Set the Budget
Estimating a Kitchen Remodel's Return on Investment
The recession may technically be over, but when it comes to housing values, the numbers still have been sliding down. As a result, so has the return in investment on remodeling projects. However, a kitchen remodel continues to be the interior home improvement project that increases your home's value the most. According to the 2010-11 Cost vs. Value Report*, a minor kitchen remodel ties for the number 4 spot on the top 10 list of home improvment projects in terms of return on investment. Most of the remaining projects in the list are exterior replacements like an entry door or garage door, which tend to be less expensive projects than kitchens and also fall into the "must-do" rather than "nice-to-do" category.
The numbers reported below are national averages; in general, the Pacific states region outperformed the rest of the nation despite slightly higher costs. For example, on the West Coast, a minor kitchen remodel averages a cost of $23,603, with a return of 84.1 percent. In the East North Central (Great Lakes) region, however, the same project costs $22,239, with a return of just 63.7 perecent.
Minor Kitchen Remodel, Mid-Range
The 2010-11 report puts the national average price of a mid-range minor kitchen remodel at $21,695, averaging a return of 72.8 percent (down several point's from last year’s 78.3 percent) a year later. What is a minor kitchen remodel? According to Remodeling, it’s a 200-square-foot kitchen with 30 linear feet of cabinetry and countertops. The cabinets get refaced with new raised-panel wood doors, drawers and hardware, but the boxes stay. Laminate countertops and vinyl flooring are removed and replaced with the same material, but in updated colors and patterns. You also get a new, energy-efficient wall oven and cooktop, a new mid-priced sink and faucet, wall covering, and a new paint job on your trim.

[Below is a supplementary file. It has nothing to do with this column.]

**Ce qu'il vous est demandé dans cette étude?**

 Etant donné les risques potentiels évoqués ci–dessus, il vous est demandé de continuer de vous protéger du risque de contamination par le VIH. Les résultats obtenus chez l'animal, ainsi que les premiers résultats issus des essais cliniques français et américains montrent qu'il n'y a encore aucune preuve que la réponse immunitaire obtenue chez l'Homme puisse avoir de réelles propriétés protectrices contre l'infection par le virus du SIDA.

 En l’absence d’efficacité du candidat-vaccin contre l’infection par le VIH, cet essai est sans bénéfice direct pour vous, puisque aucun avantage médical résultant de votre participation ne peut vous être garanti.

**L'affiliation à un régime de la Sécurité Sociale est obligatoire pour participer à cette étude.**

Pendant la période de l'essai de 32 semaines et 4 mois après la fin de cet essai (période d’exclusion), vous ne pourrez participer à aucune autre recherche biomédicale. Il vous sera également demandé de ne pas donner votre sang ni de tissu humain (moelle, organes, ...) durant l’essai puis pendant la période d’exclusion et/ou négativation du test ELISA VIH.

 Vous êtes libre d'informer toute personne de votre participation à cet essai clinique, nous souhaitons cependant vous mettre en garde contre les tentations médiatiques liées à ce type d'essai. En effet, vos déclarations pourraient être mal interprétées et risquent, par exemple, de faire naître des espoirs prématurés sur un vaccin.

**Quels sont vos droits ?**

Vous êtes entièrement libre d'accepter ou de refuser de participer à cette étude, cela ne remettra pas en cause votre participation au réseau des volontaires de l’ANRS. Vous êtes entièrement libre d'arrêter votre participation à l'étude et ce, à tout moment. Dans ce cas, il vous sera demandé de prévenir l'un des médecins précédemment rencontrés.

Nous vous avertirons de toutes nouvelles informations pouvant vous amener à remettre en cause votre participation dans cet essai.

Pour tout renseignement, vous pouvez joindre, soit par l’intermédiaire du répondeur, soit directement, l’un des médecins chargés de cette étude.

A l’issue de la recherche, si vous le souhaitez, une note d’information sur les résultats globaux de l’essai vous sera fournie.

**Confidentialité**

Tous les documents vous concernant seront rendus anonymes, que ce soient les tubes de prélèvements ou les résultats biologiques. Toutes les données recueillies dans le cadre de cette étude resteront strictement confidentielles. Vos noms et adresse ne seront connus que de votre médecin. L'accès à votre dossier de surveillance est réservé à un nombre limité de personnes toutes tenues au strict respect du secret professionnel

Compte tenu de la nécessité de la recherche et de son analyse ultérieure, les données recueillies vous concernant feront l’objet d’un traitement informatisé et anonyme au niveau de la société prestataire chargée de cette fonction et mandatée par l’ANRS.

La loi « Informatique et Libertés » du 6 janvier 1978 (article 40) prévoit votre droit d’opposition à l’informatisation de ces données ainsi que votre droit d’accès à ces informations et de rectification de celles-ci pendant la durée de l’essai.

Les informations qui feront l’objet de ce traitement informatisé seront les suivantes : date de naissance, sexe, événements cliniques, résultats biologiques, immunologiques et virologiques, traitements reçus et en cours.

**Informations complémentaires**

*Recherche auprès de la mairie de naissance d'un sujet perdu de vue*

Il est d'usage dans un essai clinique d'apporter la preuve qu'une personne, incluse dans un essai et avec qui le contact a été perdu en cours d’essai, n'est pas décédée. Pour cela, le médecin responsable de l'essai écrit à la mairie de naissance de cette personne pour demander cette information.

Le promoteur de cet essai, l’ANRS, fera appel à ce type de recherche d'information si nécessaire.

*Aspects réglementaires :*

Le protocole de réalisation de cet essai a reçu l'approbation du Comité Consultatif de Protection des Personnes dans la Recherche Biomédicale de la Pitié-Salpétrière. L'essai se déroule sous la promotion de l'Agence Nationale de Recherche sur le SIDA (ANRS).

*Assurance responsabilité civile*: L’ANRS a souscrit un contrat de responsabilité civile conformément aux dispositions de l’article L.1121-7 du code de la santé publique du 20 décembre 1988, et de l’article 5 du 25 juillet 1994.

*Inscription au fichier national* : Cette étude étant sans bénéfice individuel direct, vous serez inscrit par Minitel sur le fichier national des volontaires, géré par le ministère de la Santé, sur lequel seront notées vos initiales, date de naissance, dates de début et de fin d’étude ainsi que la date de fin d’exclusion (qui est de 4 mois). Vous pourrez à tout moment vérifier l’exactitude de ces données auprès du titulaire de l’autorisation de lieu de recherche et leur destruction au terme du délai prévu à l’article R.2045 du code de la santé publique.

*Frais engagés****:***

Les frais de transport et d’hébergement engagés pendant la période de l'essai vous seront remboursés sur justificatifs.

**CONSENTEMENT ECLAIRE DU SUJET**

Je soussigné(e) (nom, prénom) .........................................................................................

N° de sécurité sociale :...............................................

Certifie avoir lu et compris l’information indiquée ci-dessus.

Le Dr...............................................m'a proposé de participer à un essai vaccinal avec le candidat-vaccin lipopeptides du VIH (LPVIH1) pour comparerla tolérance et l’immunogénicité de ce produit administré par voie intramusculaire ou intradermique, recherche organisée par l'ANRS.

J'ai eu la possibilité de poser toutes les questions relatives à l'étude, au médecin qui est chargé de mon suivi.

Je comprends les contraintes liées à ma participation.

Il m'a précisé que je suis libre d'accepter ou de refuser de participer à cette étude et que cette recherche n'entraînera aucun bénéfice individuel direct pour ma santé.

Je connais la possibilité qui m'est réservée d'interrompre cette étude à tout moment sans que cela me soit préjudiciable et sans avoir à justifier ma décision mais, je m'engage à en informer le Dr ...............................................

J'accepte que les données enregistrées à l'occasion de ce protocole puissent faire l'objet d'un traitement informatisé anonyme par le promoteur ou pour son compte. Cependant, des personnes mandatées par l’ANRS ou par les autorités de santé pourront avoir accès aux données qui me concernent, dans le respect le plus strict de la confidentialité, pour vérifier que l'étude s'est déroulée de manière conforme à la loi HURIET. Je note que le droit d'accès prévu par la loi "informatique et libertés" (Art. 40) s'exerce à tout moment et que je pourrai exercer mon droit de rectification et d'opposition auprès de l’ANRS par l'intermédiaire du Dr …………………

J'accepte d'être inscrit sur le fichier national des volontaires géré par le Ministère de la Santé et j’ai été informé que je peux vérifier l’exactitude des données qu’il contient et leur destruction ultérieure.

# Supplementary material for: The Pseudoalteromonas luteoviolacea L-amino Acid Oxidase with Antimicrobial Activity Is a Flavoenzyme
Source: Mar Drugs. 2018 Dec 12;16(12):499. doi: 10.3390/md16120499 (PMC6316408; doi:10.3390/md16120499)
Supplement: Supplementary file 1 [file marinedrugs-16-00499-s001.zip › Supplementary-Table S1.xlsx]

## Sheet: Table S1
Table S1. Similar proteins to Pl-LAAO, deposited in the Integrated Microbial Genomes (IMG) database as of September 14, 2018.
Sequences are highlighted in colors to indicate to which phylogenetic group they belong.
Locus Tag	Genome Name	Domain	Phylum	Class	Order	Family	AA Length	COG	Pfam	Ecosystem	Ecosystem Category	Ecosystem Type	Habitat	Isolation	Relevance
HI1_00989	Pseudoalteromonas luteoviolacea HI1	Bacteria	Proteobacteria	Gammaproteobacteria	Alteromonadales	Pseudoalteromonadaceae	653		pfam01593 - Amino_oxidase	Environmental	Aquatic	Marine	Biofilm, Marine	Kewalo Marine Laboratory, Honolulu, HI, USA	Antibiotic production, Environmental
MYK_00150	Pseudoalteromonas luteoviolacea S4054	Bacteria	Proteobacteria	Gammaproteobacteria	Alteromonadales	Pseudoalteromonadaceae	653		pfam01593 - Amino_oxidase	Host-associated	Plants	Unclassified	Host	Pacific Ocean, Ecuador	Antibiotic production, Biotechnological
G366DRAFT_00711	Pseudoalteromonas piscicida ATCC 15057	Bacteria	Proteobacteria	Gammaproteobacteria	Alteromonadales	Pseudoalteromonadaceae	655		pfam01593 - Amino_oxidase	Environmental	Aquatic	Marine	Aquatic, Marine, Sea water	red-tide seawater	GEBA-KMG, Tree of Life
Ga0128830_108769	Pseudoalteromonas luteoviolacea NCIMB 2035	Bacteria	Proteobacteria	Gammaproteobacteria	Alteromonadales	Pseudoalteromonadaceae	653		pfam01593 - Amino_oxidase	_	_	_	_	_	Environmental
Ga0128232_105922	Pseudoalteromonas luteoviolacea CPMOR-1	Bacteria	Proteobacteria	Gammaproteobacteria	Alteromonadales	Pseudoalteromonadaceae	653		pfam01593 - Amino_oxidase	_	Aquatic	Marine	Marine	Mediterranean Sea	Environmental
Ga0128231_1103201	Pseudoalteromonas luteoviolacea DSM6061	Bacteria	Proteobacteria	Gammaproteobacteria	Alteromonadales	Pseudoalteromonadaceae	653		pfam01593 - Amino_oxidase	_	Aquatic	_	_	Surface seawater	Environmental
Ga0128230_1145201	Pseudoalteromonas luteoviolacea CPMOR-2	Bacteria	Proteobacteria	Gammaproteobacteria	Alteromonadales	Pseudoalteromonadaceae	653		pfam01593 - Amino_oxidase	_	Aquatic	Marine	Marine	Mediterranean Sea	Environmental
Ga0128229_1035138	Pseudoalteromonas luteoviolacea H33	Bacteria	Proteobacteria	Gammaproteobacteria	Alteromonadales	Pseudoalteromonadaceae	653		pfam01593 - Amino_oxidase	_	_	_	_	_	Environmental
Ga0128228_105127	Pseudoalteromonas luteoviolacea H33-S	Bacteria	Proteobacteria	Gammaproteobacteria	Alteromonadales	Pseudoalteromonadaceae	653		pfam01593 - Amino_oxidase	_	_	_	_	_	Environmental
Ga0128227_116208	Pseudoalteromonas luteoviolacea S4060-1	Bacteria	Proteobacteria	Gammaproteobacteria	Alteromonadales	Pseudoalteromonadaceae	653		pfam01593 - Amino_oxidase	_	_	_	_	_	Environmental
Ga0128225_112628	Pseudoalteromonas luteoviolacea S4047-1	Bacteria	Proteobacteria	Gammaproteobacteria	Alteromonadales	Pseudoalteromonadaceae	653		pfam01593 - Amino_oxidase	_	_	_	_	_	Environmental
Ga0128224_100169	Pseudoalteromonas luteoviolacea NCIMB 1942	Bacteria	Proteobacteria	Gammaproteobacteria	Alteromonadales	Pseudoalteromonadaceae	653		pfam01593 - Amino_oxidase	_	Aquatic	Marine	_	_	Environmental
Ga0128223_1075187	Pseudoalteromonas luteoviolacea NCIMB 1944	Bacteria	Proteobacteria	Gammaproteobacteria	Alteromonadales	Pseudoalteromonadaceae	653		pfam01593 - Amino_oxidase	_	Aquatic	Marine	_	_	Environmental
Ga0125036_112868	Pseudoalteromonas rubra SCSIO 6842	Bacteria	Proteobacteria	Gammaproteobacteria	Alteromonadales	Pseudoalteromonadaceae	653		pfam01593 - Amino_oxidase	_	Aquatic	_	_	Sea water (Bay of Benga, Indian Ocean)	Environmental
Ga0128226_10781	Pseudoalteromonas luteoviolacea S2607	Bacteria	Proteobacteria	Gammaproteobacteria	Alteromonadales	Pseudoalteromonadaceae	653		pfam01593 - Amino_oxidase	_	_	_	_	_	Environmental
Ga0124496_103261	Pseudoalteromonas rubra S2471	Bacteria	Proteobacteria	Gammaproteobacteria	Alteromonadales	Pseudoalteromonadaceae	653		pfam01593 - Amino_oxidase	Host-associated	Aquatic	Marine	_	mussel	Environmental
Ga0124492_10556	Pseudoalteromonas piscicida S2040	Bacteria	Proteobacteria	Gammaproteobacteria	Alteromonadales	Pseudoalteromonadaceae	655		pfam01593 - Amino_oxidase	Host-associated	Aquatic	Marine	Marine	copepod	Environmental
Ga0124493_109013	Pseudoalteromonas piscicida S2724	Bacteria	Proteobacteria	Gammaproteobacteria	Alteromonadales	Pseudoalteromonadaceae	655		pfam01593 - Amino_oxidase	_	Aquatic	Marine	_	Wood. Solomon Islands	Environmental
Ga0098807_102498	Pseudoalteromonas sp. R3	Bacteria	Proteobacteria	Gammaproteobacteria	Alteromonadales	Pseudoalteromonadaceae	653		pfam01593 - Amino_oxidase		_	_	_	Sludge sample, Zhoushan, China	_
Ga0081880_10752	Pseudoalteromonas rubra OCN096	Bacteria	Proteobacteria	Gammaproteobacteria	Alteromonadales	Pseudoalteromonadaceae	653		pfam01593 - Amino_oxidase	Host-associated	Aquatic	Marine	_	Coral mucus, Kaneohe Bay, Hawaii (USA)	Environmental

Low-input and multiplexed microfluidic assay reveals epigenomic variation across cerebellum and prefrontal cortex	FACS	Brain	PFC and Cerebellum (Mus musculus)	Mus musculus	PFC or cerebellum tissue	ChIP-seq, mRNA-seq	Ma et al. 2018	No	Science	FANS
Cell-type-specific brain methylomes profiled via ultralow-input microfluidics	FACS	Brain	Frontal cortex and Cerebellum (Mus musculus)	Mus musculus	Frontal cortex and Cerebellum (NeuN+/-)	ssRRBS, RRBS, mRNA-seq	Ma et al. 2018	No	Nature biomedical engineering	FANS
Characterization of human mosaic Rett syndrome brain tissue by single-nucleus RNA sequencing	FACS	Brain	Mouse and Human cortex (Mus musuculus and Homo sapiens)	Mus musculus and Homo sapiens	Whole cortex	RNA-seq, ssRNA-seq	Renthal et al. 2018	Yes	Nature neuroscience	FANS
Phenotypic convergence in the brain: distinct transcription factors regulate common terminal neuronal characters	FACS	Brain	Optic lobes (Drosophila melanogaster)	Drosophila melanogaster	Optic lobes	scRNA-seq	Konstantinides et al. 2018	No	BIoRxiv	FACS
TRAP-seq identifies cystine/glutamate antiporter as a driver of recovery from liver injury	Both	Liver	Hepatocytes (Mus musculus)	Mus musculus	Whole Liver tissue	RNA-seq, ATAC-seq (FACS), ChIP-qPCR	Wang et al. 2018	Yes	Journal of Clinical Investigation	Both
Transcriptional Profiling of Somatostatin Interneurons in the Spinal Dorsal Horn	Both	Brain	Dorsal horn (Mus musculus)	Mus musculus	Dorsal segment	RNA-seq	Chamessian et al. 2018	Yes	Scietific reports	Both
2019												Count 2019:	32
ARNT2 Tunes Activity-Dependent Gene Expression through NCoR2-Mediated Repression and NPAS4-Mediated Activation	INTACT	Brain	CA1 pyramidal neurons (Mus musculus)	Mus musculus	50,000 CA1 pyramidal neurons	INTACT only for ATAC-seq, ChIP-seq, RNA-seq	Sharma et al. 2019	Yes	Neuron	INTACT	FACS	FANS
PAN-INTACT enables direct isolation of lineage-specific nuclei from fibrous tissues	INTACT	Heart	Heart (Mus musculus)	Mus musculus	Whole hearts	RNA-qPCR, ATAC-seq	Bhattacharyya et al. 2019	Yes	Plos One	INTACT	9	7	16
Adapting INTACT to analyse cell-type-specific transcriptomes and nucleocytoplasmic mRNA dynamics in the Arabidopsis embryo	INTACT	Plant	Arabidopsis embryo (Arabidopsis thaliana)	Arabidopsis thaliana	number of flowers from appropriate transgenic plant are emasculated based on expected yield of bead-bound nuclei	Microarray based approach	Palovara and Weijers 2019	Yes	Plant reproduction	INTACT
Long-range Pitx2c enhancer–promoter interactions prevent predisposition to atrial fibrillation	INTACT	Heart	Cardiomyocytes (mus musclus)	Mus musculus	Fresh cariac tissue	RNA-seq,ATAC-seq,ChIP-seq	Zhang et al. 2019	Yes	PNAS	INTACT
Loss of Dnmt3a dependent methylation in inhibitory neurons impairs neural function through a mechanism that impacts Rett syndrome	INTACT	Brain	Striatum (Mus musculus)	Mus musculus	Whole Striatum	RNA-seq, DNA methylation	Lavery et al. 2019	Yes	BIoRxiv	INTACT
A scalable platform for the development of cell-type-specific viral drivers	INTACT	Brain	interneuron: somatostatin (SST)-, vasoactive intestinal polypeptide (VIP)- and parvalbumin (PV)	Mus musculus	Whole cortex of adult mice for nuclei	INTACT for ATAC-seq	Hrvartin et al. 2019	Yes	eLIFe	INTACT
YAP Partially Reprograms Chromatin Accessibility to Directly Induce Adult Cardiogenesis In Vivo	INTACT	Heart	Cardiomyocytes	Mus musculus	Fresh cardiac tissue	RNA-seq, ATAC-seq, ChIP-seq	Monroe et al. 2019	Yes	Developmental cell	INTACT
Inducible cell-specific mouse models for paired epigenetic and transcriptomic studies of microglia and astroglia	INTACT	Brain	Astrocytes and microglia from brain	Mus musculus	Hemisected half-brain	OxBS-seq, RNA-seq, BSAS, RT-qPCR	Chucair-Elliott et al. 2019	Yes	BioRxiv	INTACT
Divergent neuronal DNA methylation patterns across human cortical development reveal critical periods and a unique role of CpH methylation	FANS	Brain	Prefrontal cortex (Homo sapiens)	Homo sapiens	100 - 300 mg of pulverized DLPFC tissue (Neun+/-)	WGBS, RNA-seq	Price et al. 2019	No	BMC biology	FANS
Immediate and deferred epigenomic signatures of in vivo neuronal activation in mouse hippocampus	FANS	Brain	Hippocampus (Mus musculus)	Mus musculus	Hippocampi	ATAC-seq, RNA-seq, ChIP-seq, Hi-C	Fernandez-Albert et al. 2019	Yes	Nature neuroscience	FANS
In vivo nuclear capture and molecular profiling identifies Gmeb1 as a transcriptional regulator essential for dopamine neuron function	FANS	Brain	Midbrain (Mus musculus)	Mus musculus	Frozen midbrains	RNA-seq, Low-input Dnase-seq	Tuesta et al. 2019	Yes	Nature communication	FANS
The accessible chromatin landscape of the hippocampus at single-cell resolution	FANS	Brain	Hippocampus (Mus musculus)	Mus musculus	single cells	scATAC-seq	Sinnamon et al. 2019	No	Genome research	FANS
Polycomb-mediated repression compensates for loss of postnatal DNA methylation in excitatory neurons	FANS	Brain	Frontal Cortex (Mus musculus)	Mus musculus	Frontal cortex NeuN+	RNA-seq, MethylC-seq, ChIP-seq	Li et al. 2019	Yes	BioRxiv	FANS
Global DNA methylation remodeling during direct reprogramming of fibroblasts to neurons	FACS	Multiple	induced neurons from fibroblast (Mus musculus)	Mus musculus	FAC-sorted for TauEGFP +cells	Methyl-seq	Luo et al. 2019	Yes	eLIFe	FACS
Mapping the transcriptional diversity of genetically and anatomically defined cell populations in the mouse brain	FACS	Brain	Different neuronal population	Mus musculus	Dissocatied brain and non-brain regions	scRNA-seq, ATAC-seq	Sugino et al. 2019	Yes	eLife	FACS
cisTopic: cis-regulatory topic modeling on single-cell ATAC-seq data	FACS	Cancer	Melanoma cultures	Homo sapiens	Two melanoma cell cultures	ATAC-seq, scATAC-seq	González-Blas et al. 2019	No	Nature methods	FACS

Major Kitchen Remodel, Mid-Range
A major kitchen remodel at a mid-range price will run an average of $58,367, according to the report. A year later, you can expect to recoup 68.7 percent (down from 72.1 percent) of that. This 200-square-foot kitchen features a 3-by-5-foot island, 30 linear feet of semi-custom wood cabinets, laminate countertops, and a double-bowl stainless-steel sink with single-lever faucet. Add new energy-efficient appliances: wall oven, cooktop, ventilation system, built-in microwave, dishwasher, garbage disposal, and custom lighting. Finish up with new vinyl flooring and paint for the walls, trim and ceiling.
Major Kitchen Remodel, Upscale
Price tag: $113,464, according to the report, with an ROI of 59.7 percent (down from 63.2 percent). It's an easy bill to run up in a 200-square-foot kitchen with 30 linear feet of custom cherry cabinets with interior accessories, natural stone countertops, and an imported ceramic or glass tile backsplash. Appliances include a built-in refrigerator, cooktop, 36-inch commercial-grade range and vent hood, built-in warming drawer, trash compactor and built-in microwave/convection oven. Then add a high-end undermount sink; designer faucets; built-in water filtration system; general, task and under-cabinet lighting; cork flooring; and cherry trim.
*The 2010-11 Cost vs. Value Report—a joint study done by the National Association of Realtors and Remodeling magazine—provides national and regional averages. The report estimates the cost of an average home improvement project and compares it to the value it would recoup if the home sold a year later. In 2010, more than 3,000 real-estate agents, brokers and appraisers in 80 cities provided ROI estimates.